For high performance receiving arrays, the approximate factorization of the array radiation pattern into an element pattern and array factor may not be accurate enough to use when designing for stringent performance requirements. Mutual coupling causes element radiation patterns to differ across the array, and this must be taken into account in the design process from the beginning. For this reason, we will only briefly consider the classical array factor technique in this chapter, and move instead to a more sophisticated analysis method based on overlap integrals and network theory.
The array factor method certainly has enduring value. The array factor provides an intuitive way to analyze, understand, visualize, and design steered beams and array radiation pattern. It can be taught in a simple way to students of array theory, yet is useful in designing highly sophisticated multiantenna systems. Optimal designs, such as the Chebyshev array, can be readily treated within this framework.
For the high sensitivity applications of interest in this book, the array factor method is only useful for rough designs, and a more advanced approach is needed. The overlap integral and network theory approach comes at a price. It relies on numerical approximations or full wave simulations of embedded element patterns, and is not amenable to pencil and paper treatments. The analysis methodology used in this book is intended from the ground up to be used with numerical methods and optimization tools. As a middle ground between the array factor method and full wave numerical modeling, we will also develop the lossless, resonant, minimum scattering approximation.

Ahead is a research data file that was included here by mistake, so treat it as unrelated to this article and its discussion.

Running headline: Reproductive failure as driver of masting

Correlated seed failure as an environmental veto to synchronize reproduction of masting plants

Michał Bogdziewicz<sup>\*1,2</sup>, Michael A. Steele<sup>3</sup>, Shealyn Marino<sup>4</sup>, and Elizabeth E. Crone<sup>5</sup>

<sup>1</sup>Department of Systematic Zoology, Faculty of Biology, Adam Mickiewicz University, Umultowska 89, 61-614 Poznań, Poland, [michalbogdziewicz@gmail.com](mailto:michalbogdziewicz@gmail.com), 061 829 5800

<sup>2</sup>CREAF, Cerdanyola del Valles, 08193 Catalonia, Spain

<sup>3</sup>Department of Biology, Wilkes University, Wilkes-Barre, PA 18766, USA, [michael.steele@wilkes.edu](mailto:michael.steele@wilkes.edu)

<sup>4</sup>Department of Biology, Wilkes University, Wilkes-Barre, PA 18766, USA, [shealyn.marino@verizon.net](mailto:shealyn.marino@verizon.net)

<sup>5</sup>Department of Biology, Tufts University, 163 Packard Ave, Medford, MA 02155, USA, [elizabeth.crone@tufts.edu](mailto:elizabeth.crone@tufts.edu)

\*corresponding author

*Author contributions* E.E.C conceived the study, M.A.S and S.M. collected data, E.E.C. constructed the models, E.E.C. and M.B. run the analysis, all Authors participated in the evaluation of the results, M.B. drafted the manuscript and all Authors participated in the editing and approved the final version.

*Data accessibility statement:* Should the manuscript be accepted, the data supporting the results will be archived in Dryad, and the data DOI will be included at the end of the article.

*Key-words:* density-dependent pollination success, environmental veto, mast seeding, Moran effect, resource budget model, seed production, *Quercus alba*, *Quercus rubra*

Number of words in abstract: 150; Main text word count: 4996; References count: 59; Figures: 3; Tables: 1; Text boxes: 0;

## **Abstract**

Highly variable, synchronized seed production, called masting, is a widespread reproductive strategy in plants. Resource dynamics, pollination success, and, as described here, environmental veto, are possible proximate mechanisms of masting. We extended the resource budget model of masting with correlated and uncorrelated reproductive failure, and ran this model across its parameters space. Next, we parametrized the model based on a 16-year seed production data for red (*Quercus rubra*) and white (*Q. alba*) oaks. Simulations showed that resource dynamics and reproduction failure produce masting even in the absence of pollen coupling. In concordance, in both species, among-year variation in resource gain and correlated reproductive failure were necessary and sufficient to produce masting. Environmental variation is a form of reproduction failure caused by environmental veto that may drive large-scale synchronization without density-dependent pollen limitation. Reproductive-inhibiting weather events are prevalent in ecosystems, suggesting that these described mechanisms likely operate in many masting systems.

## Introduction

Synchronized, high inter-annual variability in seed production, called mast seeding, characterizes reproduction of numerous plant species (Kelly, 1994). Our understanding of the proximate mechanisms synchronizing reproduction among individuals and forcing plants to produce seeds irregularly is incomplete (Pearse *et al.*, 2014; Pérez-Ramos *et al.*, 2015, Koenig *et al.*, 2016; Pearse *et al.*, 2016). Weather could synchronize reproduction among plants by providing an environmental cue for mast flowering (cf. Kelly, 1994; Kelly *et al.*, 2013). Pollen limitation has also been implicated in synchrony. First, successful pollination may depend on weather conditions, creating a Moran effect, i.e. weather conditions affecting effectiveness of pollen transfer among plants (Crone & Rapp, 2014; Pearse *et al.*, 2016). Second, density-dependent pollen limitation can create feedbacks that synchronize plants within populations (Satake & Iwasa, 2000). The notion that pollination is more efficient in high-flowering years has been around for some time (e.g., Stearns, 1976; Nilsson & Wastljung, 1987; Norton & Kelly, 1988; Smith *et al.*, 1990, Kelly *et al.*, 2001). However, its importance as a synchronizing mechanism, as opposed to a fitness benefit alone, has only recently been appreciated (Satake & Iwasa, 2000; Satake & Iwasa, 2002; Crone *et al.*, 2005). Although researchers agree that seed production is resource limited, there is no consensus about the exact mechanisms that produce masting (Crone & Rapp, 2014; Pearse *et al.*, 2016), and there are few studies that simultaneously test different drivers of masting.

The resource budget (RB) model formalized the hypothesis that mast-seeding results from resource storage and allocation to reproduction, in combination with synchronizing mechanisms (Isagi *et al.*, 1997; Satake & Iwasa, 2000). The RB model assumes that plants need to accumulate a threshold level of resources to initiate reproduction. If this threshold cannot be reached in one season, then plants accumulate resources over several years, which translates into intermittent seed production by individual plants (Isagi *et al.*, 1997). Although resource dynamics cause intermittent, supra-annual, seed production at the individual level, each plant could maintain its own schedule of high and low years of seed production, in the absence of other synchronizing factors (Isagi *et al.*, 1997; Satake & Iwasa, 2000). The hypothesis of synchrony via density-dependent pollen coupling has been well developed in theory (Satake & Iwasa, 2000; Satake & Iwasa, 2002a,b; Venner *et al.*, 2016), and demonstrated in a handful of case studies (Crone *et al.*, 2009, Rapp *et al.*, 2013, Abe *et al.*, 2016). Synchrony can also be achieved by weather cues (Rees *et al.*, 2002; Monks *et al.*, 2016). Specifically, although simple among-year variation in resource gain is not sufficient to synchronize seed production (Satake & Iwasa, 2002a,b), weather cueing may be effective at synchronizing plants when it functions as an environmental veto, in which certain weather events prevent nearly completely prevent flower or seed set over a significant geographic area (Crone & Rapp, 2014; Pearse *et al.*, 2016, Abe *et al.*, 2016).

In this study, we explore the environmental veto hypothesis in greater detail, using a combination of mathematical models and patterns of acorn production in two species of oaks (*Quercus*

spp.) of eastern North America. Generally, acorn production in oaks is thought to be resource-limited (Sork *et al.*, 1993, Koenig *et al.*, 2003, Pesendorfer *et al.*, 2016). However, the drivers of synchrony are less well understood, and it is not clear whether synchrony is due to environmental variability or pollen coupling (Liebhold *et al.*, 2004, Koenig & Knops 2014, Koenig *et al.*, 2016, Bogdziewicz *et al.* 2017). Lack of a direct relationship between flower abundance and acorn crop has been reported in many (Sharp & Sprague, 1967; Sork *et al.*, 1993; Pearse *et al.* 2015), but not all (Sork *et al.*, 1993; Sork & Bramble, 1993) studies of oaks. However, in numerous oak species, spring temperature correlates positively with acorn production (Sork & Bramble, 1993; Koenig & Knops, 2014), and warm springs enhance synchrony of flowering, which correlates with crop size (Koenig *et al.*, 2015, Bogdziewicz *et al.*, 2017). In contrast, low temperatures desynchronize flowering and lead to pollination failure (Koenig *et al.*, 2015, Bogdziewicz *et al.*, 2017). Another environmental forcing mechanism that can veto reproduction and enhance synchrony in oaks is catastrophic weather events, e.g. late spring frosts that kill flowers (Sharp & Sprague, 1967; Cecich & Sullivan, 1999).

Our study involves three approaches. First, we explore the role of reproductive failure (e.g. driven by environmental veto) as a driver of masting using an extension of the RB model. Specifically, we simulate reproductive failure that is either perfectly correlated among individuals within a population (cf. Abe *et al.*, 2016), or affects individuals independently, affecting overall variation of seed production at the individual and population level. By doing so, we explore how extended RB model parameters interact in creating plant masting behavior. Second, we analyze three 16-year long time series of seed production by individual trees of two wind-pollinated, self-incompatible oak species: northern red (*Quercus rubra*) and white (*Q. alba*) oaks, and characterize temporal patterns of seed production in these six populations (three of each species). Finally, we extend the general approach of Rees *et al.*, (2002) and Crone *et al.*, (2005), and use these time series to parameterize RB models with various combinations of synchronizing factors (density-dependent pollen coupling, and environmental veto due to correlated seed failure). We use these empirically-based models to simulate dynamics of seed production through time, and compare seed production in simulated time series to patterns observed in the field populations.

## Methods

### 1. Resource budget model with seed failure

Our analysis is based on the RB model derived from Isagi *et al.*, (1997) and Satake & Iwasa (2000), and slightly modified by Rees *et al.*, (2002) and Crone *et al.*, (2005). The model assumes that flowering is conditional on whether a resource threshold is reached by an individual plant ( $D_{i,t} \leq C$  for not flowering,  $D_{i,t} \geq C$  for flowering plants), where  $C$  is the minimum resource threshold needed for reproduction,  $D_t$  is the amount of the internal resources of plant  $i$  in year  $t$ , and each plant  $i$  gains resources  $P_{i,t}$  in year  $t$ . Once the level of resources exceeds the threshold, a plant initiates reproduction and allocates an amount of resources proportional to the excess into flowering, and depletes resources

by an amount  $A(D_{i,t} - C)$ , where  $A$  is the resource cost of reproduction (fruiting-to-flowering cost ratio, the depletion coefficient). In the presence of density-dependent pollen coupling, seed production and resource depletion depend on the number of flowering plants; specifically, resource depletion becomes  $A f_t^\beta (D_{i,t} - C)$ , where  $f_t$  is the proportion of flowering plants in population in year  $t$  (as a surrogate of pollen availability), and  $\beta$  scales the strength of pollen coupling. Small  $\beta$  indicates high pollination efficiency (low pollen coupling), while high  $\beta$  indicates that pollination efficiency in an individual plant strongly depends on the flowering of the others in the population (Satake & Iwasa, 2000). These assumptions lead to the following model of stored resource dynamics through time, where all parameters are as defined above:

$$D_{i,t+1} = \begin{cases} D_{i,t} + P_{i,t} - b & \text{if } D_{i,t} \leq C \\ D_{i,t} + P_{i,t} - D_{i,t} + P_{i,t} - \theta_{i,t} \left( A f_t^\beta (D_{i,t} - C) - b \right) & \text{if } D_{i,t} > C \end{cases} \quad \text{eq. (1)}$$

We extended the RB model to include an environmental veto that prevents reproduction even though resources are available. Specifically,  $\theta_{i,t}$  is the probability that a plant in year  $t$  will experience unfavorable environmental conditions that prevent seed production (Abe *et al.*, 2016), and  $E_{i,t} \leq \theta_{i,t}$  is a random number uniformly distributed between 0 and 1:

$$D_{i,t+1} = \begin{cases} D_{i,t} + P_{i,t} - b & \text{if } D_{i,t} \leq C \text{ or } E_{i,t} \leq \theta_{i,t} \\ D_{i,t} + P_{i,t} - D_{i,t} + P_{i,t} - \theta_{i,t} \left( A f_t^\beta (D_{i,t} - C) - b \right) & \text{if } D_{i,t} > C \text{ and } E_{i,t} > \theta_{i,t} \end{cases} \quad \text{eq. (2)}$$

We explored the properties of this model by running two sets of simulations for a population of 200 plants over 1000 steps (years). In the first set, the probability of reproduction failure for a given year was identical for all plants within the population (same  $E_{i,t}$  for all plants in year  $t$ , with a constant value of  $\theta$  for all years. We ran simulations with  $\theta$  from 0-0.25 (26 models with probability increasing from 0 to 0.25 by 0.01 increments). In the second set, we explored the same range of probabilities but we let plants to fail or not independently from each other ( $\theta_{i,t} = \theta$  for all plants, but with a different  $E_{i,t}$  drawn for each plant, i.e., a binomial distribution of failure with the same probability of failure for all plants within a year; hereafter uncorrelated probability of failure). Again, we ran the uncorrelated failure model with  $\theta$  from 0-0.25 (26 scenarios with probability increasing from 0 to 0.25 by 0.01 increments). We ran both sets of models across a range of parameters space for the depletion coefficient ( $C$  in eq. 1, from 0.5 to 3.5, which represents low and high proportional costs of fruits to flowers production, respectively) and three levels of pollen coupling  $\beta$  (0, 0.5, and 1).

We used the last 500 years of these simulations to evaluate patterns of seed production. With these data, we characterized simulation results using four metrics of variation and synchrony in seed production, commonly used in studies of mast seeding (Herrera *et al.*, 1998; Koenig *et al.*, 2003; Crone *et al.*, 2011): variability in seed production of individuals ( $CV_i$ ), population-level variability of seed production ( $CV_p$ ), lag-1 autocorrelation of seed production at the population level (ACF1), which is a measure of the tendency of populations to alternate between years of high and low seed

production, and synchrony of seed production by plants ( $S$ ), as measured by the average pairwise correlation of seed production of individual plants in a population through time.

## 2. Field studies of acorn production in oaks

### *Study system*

The standard approach to antenna theory is to treat transmitting antennas first, followed by the receiving case. After reviewing the classical array factor method and other basic concepts of simple array antennas, we will develop the overlap integral and network theory first for a transmitting array.
The treatment of single antennas in Chapter 2 introduced key concepts for receivers, including gain, directivity, effective area, impedance matching, noise figure, equivalent noise temperature, signal to noise ratio, and sensitivity. The treatment was then extended in Chapter 4 to arrays of transmitting elements. We now turn our attention to the main focus of the book, modeling high-sensitivity receiving antenna arrays.
For transmitters, the distribution of the signal power radiated by the antenna system is the primary consideration. Noise radiated by a transmitter is usually of secondary importance. For receivers, both the signal and noise response of the system are important, and the ultimate figure of merit for the performance of the system is the ratio of received signal of interest to the system noise (SNR). For this reason, the treatment of receiving arrays is more complicated than transmitters, as system noise must be brought into the analysis.We will begin by extending the network theory treatment developed in Chapter 4 to receiving arrays, and then bring in the noise modeling concepts that were introduced in Chapter 2.